Home Management Contemporary Urban Planning
Much environmental planning and regulation must be done at the national level because of the scale of the problems and the great distances pollutants can travel through the environment. Local environmental planning often takes place within a framework of federal grants and regulations. Concern with environmental problems grew rapidly in the United States during the 1960s, culminating in the passage of the National Environmental Policy Act (NEPA) in 1969, the creation of the Environmental Protection Agency (EPA) in 1970, and the passage of a number of other major pieces of national environmental legislation in the 1970s. The passage of NEPA produced a massive increase in the number of planners and firms specializing in environmental planning because of NEPA's requirements for environmental impact statements (EIS) as a prerequisite for the federal funding of large projects.
At the national level, environmental planning involves the establishment of standards and the funding of such activities as the construction of wastewater treatment facilities. At the local level, much activity is related to federal legislation and funding (for example, EISs), or to planning for projects that involve joint local and federal funding, such as wastewater treatment. However, much to enhance environmental quality can also be done at the purely local level, including controls on the intensity of development, the type of development, the pattern of public capital investment, and regulation of the character of development and operation.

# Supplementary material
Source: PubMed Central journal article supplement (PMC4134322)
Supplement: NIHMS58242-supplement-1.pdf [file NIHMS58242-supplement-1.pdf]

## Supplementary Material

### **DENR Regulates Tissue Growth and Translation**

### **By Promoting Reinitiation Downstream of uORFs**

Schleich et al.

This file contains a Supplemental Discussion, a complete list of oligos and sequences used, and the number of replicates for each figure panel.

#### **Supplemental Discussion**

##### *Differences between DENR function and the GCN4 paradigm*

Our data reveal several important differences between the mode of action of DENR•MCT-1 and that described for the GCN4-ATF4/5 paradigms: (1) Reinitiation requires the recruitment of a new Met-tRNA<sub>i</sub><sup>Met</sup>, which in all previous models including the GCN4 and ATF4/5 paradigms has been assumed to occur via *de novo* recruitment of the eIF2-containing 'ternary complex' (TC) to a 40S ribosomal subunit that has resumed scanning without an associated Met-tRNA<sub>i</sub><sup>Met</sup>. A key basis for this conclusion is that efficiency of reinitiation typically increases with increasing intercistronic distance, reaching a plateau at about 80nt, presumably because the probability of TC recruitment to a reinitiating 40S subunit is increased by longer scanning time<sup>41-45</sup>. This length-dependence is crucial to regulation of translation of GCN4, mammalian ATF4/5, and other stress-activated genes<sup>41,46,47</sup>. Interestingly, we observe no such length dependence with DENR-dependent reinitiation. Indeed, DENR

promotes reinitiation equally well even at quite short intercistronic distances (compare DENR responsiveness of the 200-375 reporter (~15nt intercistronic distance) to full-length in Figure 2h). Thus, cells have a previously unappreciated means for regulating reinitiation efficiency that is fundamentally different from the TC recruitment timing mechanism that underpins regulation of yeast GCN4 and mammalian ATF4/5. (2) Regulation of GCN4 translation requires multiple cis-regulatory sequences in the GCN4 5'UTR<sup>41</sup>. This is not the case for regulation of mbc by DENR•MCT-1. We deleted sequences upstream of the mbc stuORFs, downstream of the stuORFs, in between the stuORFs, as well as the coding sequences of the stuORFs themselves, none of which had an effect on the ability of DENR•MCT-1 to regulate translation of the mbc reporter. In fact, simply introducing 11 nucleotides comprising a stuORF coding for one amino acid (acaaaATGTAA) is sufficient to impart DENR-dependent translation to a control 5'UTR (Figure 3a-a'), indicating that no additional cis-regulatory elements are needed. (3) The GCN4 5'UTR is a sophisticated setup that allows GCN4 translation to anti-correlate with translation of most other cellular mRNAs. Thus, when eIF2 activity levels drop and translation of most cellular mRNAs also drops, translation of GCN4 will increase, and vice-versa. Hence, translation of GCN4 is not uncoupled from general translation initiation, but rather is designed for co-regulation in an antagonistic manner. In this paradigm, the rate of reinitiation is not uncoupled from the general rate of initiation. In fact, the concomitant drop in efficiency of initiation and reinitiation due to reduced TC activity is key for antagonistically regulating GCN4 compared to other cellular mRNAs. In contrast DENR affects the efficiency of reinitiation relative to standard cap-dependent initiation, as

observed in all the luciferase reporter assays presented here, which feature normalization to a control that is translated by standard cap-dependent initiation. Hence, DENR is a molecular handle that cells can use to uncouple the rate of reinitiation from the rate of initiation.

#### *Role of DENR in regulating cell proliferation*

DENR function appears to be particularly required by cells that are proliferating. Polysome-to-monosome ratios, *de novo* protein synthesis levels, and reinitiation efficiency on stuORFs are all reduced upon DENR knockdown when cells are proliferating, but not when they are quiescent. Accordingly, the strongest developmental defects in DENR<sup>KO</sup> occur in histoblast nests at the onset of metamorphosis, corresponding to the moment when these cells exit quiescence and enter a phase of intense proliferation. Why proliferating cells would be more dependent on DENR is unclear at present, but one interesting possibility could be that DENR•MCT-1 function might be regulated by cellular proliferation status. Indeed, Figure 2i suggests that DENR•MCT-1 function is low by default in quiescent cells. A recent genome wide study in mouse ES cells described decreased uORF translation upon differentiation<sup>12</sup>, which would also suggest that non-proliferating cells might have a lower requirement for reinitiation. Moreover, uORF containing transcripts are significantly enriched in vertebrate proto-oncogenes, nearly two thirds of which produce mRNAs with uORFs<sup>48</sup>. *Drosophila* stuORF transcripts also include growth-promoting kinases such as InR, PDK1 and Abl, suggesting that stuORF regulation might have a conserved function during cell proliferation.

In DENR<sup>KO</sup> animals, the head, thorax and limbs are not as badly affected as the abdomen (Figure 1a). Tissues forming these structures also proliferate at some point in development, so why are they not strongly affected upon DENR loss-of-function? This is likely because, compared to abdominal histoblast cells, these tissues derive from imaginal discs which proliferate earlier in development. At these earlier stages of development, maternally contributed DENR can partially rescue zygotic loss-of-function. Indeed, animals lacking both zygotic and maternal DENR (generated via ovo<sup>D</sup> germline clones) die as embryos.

Energy planning arose with the oil price increases that followed the 1973 Arab-Israeli War. The original concern of the energy planner was largely a matter of energy costs. In recent years the focus has shifted to the reduction of fossil fuel use to limit the production of greenhouse gases.
At the local level, reductions in the consumption of nonrenewable energy may be achieved by urban design that reduces trip lengths and facilitates public transportation or the use of nonautomotive modes (foot or bicycle). Energy savings can be achieved by site design, doing new construction to high standards of energy efficiency, and retrofitting older structures. The green building movement has gained strength as concern with climate change has increased and was given a substantial push by federal funding provided in the 2009 economic stimulus legislation. Fossil fuel consumption can also be reduced by the development of community energy systems and the promotion of alternative sources such as roof-top solar.
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